explain how to find the maximum value for each function and determine which function has the largest maximum y-value.

- anonymous

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- anonymous

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- anonymous

@UnkleRhaukus

- UnkleRhaukus

The function is \[g(x) = 2\cos(2x-\pi)+4\]
This will have maximum values when the cosine term is at maximums

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## More answers

- anonymous

f(x) = −4(x − 6)^2 + 3

- UnkleRhaukus

do you know what the largest value of \(\cos\theta\), can ever be? (for all possible angles \(\theta\) )

- anonymous

no

- UnkleRhaukus

remember that cosine is the ratio of the adjacent side in a right angled triangle, to its hypotenuse,
(note that the hypotenuse is always the largest side)

- anonymous

ok ok , i get that

- UnkleRhaukus

|dw:1440303568385:dw|

- UnkleRhaukus

The cosine function (like the sine function ) oscillates between its maximum and minimum values ; ±1

- anonymous

okk

- anonymous

So the maximun for g(x) would be 1?

- UnkleRhaukus

not quite,
that max for cos theta,
and hence the max for cos(2x-π) is 1

- UnkleRhaukus

so the max for g(x) = 2cos(2x-π) + 4
is gmax = 2(+1) + 4
=

- anonymous

so 7 lol

- UnkleRhaukus

(whereas the minimum is
gmin = 2(-1) + 4
= -2+4
= 2
)

- UnkleRhaukus

wait
gmax = 2(+1) + 4
= 2 times 1 + 4
=

- anonymous

oh i was thinking adding. silly me lol. so 6

- UnkleRhaukus

notice that we can see in the plot, that the blue line is oscillating between 2 and 6, which agrees

- UnkleRhaukus

so now lets look at \[f(x) = −4(x − 6)^2 + 3 \]

- anonymous

how would we set that up

- UnkleRhaukus

What can you tell me about f(x)?

- UnkleRhaukus

(what is the parent function of f )

- anonymous

i dont get it?

- UnkleRhaukus

its a second order polynomial, right?
so its a quadratic equation, and will look like some sort of parabola

- anonymous

is this calculus? if so, take the derivative of the function, and set to 0 to find where it has a max (or min).
However, you do not need calculus. The first function,
f(x)=-4(x-6)^2 + 3
is a parabola ( in the shape of a "frown" ) with a max value at its vertex.
because they gave you the equation in "vertex form"
y = a(x-h)^2 + k , you can read off the vertex to be (h,k)
In this case, the vertex is at (6,3)
for the second function,
g(x)=2cos(2x-pi)+4
you should know that the max value of the cosine is 1, so the max will be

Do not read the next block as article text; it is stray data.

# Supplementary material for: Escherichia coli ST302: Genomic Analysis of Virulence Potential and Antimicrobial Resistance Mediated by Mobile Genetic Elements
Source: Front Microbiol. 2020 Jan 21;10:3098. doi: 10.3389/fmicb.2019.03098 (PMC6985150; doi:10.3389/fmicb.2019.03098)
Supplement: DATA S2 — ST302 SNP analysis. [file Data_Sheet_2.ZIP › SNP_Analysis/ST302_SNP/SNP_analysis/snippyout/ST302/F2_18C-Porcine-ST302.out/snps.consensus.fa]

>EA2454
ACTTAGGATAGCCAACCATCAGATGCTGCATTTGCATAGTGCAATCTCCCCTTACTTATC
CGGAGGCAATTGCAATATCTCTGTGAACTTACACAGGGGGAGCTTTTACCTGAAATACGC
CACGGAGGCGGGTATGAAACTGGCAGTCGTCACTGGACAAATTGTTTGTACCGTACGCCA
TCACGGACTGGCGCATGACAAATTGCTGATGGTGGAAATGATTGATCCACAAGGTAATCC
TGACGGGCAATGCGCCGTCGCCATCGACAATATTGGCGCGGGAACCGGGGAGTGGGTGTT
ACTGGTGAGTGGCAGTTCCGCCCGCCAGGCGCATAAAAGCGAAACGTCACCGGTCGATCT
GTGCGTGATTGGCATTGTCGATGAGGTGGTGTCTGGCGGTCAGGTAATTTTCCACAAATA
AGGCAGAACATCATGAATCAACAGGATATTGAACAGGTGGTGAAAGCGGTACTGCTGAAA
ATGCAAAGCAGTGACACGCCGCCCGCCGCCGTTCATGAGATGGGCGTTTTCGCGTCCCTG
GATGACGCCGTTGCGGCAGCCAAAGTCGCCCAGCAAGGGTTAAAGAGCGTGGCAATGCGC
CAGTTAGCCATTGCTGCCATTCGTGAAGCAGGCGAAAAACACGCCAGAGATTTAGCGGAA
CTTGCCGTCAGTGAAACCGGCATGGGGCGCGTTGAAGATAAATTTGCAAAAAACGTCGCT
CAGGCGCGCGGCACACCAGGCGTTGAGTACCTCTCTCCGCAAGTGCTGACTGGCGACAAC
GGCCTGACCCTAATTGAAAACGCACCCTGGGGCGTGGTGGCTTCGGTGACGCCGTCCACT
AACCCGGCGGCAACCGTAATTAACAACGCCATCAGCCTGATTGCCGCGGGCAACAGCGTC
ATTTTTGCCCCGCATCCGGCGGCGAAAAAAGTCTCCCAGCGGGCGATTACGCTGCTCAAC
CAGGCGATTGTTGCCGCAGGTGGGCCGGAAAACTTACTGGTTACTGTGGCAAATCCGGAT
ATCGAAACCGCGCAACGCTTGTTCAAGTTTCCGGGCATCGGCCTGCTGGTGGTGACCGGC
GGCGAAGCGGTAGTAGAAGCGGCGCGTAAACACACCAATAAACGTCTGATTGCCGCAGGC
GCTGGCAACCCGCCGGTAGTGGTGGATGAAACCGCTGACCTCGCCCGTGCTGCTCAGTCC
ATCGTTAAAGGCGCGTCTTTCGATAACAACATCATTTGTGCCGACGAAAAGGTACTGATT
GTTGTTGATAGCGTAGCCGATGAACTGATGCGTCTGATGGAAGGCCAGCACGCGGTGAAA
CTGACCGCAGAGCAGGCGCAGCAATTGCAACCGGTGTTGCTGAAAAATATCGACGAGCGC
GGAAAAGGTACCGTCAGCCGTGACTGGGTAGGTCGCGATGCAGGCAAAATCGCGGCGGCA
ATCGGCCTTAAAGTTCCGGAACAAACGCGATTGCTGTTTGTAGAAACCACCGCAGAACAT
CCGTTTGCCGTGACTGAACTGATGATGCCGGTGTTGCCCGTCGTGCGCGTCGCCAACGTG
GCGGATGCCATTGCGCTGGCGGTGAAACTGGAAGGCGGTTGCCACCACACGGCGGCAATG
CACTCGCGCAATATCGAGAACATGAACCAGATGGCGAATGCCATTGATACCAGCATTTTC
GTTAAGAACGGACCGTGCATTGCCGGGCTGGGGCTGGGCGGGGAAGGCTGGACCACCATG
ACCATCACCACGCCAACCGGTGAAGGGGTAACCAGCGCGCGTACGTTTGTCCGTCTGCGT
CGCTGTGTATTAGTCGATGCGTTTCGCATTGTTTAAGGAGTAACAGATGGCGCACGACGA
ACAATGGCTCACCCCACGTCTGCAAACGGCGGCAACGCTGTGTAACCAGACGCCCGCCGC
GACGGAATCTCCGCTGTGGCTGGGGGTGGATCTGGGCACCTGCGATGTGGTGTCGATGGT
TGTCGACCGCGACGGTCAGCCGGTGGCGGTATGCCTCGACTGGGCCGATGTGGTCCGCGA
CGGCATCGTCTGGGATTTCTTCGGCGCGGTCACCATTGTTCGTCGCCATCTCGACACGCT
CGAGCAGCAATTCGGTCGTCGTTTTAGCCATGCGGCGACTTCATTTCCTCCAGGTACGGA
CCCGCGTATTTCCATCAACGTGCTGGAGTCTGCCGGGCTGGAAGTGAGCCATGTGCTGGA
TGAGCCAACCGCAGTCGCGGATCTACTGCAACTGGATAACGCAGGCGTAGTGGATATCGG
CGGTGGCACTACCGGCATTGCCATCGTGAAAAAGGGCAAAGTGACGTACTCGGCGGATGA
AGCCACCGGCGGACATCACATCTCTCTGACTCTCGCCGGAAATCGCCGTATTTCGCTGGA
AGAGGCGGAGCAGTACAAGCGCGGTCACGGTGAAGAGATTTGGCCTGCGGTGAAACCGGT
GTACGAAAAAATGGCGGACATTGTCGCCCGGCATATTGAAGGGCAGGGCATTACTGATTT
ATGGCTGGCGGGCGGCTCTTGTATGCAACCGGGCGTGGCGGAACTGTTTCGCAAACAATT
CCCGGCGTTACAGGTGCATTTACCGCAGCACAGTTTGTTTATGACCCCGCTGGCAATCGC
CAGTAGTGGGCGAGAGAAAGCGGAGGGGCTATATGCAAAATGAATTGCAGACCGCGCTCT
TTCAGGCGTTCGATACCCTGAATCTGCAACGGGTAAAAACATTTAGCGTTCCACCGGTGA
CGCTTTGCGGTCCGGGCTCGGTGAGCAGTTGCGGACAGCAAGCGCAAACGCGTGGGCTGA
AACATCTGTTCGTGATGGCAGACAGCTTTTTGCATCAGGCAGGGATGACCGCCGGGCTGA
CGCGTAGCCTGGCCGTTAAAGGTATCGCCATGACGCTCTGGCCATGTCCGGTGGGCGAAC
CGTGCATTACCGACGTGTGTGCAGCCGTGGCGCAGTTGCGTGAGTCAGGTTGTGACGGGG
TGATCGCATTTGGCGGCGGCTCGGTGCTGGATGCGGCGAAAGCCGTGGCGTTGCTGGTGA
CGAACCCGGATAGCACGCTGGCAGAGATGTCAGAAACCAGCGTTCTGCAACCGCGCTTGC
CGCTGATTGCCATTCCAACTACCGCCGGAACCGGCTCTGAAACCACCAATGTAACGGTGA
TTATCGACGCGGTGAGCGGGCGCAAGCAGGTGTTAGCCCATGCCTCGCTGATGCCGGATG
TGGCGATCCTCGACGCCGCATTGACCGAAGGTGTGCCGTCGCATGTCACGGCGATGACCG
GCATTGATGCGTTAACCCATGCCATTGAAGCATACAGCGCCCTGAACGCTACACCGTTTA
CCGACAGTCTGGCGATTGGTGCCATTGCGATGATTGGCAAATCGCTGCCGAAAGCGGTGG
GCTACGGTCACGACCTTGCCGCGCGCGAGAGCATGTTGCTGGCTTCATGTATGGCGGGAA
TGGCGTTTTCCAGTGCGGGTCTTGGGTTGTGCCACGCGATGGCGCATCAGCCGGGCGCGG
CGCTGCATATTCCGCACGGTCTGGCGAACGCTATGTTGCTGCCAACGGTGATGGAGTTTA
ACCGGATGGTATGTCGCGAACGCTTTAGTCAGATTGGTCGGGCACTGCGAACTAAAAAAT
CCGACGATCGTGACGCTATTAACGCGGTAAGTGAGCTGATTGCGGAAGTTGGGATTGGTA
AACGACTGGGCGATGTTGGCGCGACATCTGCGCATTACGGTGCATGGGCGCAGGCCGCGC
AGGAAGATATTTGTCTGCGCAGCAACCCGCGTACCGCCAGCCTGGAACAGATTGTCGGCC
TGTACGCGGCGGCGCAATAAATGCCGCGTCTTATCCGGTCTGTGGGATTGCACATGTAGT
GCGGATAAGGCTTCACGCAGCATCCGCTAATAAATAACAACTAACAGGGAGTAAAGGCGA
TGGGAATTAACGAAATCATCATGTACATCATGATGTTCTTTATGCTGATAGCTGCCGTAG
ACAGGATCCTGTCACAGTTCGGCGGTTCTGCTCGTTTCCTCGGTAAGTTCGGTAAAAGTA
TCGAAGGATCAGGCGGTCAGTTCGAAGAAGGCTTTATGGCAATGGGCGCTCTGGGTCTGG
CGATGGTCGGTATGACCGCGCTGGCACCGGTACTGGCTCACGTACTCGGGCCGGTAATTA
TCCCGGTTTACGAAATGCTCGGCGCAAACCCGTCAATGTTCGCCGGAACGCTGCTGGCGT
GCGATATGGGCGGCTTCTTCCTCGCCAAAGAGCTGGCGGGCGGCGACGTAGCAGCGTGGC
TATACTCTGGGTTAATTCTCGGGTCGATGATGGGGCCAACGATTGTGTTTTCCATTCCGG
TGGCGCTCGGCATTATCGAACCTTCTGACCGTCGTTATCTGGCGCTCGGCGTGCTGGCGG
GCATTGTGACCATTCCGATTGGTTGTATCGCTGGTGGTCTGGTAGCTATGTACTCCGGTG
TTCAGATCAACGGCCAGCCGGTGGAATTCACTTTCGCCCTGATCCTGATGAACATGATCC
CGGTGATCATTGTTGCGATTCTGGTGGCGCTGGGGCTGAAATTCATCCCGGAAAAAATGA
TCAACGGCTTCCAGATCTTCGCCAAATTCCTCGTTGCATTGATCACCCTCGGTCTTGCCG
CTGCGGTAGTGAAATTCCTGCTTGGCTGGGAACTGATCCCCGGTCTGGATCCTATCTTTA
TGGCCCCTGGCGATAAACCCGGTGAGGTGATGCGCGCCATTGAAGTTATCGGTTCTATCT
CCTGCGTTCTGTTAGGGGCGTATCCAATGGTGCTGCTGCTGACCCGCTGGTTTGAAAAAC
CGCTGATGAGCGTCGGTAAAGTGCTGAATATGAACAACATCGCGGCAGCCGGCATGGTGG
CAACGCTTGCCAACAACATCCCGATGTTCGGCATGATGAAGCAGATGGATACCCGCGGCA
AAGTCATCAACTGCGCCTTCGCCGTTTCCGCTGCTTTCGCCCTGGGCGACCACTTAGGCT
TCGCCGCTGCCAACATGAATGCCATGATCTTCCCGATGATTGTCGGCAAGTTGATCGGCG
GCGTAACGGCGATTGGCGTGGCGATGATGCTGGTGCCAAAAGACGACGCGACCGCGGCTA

g(x)= 2*1 + 4 = 6

- UnkleRhaukus

@TavTav are you still here?

- anonymous

yes sorry

- anonymous

so i got g(x) but how would you get f(x)

- UnkleRhaukus

given that f(x) is some sort of parabola, do you expect f to have both max and min values?

- anonymous

no

- UnkleRhaukus

\[f(x)=-4(x-6)^2 + 3\]
which is a bit like: \(-x^2\)
which do you expect: a max, or a min value?

- anonymous

max

- UnkleRhaukus

good, and the max will be when the terms under the square, will be what value?

- anonymous

the max value would be the 3?

- UnkleRhaukus

yeah, the max is when the terms under the square is zero,
\[f_\text{max}=-4(0)^2 + 3\\
\qquad=-0+3\\
\qquad=3\]

- anonymous

thank you.
i need to have it in complete sentences so can you help me form those?

- anonymous

for both g(x) and f(x)

- UnkleRhaukus

show me what you got

- anonymous

uum ok

- anonymous

lol

- UnkleRhaukus

The general idea was that we considered the parent functions
\(G(X) = \cos (X)\), and \(F(X)=-X^2\), respectively

- anonymous

I know how we got g(x) i just dont know how to put it in words
for f(x) we used the zeros of the equation to find the maximun value?

- UnkleRhaukus

we didn't really use the "zeroes of the equations", they are different things

- anonymous

ohh , uhh.
so how would you word it

- anonymous

that we compared the functions to their parent functions to get the maximum value

- UnkleRhaukus

yeah, something like that,
we know how to find the max/min of the parent functions, and then we apply these results to our particular functions

- UnkleRhaukus

scaling and shifting as specified

- anonymous

so i can use that as the answer?

- UnkleRhaukus

kind of. you might like to write separate paragraphs for each function

- anonymous

okok , thank you so much!! you made this easy to understand.your a lifesaver lol

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